Five ways to run a presidential debate like a Shabbat dinner table

Susan Page, a “Midwest nice” native of Wichita, Kan. asked some good questions during Wednesday night’s vice presidential debate. But when it came to holding her ground against overtalking from Vice President Mike Pence, she failed miserably.

While the ground rules stipulated equal speaking time for each candidate, Pence, who delivered each answer in the form of a 15-paragraph essay, proved difficult to stop once started. Senator Kamala Harris too ran over her time, especially when she realized the moderator was far too — well, moderate.

Time and again, Page tried in vain to shut Pence down with a polite, “Thank you, Mr. Vice President,” which only seemed to encourage him and enrage viewers, who took to social media begging for better-run a debate.

The answer, of course, is to set each presidential debate at a Shabbat dinner table.

As any Jew who has ever mentioned a single current event at a gathering of more than three people knows, on Shabbat the phrase “thank you” does not exist, there’s no such thing as being too emotional and all talking is overtalking.

We understand this solution isn’t for everyone. We’ve even heard (although we can’t quite believe it) that in some quarters Jews are considered “pushy” or “obnoxious” for our conversational style. But if America wants better debate, run them according to these five Shabbat table rules:

1. No more “Thank you, Mr. Vice President.”

Non-Jews compare an ideal conversation to a game of tennis, in which one ball is swatted gracefully back and forth. Jewish conversation is dodgeball, with wrenches.

At your next debate, Ms. Page, instead of “Thank you,” try: “Hey, am I gonna get a word in edgewise?” or “Enough already!”, or — especially if guests are visiting — “Never once in our 35 years of marriage have you stopped to listen.”

But the surefire Shabbat table technique to get someone to stop talking is simple: talk louder. But, you ask, if everyone talks over everyone won’t the dinner table become a cacophony of simultaneous screaming voices that cancel one another out? Yes it will. Is that a problem?

2. No segues.

When’s the last time you sat down to Shabbat dinner and heard someone turn the discussion by saying, “You’ve given me a perfect segue into my next topic?”

Exactly, never.

Actual scientific research shows that hallmarks of Jewish communication include “abrupt shifts of topics, unhesitating introduction of new topics and persistence in reintroducing a topic if others don’t immediately pick up on it.” In other words, if you don’t like what people are talking about, you can feel free to introduce a new topic ASAP. The more unrelated, the sooner your interlocutors will understand that you found what they were saying to be boring. Connecting different strands of conversation is a sign of weakness at the Shabbat table and should never be attempted.

Yet the key to any Shabbat conversation, however hectic it may seem, is balance. The unhesitating introduction of new topics must be matched by equal persistence in reintroducing old ones. “Let it go!” may have ended up on Broadway, but it started at a Shabbat table.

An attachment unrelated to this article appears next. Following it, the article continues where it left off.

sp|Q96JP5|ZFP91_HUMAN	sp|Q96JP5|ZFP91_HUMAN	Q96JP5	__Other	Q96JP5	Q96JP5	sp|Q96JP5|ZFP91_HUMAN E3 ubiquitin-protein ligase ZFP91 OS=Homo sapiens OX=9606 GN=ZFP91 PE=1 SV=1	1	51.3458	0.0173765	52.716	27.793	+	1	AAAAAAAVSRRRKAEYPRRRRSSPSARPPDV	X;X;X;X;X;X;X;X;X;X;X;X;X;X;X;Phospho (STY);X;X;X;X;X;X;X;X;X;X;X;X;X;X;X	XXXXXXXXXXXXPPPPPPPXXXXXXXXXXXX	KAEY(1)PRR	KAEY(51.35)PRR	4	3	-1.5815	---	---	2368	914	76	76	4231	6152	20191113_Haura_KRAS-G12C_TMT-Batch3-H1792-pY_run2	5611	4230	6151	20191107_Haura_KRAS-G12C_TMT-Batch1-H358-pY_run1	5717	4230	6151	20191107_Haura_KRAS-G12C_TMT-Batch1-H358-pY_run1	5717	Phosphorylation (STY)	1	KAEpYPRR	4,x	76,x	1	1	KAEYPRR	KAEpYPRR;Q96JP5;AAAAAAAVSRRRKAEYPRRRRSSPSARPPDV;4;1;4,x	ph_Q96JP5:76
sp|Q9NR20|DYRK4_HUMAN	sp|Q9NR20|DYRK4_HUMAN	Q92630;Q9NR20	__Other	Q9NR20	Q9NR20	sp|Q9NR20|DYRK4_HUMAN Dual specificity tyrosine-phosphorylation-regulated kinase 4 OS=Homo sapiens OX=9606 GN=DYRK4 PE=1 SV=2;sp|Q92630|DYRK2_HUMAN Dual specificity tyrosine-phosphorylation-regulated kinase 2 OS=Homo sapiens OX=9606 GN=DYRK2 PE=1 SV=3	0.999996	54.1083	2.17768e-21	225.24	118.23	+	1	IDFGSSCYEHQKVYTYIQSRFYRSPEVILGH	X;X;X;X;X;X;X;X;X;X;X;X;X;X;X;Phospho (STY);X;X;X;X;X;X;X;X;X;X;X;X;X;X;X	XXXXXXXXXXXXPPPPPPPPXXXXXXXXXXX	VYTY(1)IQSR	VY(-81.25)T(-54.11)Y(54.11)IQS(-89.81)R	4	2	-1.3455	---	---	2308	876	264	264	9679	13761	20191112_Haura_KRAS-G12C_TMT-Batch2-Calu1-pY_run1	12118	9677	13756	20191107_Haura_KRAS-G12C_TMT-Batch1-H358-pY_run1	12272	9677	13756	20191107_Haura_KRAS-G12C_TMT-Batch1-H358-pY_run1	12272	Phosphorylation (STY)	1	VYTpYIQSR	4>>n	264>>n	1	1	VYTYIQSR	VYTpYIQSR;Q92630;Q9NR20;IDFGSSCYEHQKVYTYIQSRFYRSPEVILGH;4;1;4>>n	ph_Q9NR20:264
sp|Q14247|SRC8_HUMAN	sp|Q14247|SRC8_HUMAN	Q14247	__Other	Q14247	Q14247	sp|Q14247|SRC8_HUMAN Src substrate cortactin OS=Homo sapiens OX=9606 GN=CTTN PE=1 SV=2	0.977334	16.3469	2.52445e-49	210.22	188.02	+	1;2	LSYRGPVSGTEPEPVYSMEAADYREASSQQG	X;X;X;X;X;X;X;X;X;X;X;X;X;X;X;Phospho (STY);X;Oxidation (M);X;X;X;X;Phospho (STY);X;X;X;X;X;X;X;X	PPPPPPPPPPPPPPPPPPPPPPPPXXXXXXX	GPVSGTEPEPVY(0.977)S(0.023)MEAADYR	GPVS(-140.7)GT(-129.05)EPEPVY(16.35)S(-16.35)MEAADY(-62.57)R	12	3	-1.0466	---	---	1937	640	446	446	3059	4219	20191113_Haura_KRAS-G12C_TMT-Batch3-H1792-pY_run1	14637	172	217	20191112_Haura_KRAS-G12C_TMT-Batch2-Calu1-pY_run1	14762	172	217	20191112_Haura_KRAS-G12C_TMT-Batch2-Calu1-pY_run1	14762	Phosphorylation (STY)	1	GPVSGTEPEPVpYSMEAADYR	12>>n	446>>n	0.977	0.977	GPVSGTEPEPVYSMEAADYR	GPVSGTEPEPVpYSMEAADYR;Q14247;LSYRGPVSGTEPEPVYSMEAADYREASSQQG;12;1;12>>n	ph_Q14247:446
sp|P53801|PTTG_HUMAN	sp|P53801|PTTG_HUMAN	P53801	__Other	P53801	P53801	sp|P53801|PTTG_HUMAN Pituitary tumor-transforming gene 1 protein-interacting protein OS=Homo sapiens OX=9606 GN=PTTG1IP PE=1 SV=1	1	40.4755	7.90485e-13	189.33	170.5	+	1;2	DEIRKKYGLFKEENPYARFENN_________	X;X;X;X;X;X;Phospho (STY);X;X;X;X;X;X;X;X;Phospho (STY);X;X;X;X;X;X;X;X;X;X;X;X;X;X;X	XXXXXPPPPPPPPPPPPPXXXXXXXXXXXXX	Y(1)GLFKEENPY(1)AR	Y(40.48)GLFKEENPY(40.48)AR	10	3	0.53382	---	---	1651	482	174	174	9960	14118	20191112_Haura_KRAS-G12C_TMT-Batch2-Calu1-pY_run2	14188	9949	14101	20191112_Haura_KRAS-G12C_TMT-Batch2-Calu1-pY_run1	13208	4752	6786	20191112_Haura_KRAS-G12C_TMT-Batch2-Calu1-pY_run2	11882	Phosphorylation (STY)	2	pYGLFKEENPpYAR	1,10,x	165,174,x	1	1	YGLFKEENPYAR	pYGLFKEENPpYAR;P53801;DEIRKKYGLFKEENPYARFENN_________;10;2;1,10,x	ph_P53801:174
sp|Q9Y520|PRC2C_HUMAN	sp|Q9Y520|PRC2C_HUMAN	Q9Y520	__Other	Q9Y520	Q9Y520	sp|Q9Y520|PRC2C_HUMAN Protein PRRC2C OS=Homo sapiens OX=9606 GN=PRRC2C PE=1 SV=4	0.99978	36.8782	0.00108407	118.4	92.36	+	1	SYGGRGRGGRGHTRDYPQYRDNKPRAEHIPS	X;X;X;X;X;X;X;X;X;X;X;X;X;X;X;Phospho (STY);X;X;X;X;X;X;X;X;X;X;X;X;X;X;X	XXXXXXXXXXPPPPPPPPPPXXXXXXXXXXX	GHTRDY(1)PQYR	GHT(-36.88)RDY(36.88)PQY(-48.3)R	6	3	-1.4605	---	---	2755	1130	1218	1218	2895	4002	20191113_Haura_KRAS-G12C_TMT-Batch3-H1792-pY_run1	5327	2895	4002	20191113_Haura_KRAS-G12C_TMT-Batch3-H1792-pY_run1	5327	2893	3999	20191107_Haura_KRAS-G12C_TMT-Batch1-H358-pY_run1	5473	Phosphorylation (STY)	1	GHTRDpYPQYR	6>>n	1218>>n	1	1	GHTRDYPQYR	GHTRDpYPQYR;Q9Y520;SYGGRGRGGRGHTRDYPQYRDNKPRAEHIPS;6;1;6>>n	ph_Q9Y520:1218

3. No, you can’t “finish your point.”

In the 3,000-year history of Shabbat meals, no one has ever finished a point. King David reportedly got close once — that’s why they made him king. You will be interrupted at the end, so make your point up front, leave the long stories for people who care, and — Ms. Page — when a guest asks, “Can I have 15 seconds?” the correct answer is, “You just had two minutes!”

4. Answer the question!

Shabbat rules: you are allowed to scream, “Answer the question!” as much and as often as you want. If the person still refuses to answer the question, the moderator can choose from the following standard Shabbat table responses: a) ”What are you afraid of?” b) “Stop changing the subject, you always change the subject.” c) “Am I talking to myself? Can you not hear me?”

5. If you see a fly, say a fly

Did Ms. Page see the fly land on Pence’s head? Of course she did. Did she say anything? Of course not. If the fly lands on a Shabbat guest you care about, like a work colleague or your child’s Hinge date, the correct response is to lean over, say, “Eiuww, stay still,” and swat the bug right out of their hair.

(Feel free right after to comment, “Your scalp’s a little dry” or “Mmm, you smell good.”)

But if you don’t like the guest, do what will now be known as “The Momala.” Don’t say a word, let the thing nest there, lay its eggs, whatever and— this is a must — laugh about it all the way home.

The TLDR: Anyone who thinks civil discourse died recently should just please attend a Shabbat dinner, where they can see that nice Jewish families have been feasting over its cold dead corpse for millennia.

Five ways to run a presidential debate like a Shabbat dinner table

Irene Katz Connelly is an editorial fellow at the Forward. You can contact her at Follow her on Twitter at @katz_conn.

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